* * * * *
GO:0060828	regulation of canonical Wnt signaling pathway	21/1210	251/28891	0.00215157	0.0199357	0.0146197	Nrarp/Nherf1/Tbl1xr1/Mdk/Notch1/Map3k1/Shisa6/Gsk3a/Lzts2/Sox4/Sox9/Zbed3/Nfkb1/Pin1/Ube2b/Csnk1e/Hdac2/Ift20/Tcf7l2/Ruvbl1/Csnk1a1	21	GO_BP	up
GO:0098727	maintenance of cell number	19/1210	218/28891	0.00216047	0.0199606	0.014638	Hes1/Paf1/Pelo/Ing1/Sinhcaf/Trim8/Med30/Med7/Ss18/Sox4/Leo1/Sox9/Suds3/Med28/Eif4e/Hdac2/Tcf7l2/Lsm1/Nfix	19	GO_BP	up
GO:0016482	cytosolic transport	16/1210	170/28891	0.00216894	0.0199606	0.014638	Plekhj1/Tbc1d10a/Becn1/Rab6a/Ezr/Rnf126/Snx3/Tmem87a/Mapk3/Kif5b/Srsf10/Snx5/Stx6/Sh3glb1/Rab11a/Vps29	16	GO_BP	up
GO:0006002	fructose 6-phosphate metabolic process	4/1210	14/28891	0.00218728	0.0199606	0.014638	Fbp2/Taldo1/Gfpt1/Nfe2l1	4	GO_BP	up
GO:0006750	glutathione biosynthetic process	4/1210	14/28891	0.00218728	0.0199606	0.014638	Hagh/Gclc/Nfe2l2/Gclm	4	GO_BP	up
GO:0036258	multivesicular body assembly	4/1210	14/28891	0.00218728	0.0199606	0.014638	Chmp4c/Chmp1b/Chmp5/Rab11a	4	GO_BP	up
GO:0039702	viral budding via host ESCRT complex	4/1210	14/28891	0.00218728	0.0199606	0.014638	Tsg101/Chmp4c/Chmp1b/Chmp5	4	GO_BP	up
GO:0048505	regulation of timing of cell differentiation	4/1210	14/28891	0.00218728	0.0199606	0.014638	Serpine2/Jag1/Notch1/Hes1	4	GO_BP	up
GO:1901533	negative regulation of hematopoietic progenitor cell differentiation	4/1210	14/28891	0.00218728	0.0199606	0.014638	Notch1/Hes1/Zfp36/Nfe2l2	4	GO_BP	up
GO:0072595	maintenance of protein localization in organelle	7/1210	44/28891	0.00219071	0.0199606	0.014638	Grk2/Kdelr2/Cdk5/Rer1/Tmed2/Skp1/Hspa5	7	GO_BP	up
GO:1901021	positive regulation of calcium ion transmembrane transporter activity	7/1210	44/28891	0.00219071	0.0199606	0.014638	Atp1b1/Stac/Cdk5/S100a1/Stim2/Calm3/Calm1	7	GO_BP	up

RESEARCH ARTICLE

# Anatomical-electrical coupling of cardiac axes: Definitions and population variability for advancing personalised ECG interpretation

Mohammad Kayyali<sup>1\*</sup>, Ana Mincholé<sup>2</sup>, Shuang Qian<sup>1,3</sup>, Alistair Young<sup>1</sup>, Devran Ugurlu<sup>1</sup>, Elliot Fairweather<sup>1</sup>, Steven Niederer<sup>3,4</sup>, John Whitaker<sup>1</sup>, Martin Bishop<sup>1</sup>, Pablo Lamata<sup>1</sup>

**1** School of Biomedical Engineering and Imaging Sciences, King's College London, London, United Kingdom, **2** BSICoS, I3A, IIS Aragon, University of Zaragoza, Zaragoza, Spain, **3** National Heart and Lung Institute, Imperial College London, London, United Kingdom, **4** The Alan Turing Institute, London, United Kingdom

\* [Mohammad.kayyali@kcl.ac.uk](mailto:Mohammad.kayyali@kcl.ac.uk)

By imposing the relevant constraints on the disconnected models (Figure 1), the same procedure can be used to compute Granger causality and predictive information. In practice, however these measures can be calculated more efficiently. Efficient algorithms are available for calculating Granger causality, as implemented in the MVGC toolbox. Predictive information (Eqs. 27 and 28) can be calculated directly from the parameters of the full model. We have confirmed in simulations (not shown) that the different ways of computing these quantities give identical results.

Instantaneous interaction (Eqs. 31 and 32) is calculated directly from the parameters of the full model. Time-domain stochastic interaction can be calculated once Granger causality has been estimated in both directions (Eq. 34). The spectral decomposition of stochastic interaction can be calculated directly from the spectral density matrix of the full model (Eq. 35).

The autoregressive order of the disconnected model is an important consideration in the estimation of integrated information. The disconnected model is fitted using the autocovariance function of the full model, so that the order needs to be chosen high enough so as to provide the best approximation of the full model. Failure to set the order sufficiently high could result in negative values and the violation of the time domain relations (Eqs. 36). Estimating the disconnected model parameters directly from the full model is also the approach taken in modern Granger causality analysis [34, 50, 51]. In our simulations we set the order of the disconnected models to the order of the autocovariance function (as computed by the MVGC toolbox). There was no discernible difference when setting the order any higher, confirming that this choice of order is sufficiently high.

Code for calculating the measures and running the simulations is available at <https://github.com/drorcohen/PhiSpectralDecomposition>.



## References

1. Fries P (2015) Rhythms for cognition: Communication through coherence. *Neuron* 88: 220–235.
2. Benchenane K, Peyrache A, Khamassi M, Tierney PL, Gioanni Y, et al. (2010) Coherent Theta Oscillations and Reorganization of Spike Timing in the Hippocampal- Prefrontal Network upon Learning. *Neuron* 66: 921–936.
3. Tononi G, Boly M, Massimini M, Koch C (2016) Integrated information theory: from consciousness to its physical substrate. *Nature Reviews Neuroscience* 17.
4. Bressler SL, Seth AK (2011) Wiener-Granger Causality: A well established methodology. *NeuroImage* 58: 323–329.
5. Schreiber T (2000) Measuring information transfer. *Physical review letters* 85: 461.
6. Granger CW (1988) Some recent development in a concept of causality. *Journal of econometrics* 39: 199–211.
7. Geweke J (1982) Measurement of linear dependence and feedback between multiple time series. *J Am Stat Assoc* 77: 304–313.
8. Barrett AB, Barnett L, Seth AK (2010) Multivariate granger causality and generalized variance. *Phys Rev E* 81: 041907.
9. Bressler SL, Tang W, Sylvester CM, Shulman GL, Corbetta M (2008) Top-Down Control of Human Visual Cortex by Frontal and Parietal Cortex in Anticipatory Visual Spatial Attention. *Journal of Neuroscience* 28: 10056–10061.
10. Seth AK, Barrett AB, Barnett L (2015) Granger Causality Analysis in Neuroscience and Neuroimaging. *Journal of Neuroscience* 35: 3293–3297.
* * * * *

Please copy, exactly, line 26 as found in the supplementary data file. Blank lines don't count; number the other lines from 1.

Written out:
5. Schreiber T (2000) Measuring information transfer. *Physical review letters* 85: 461.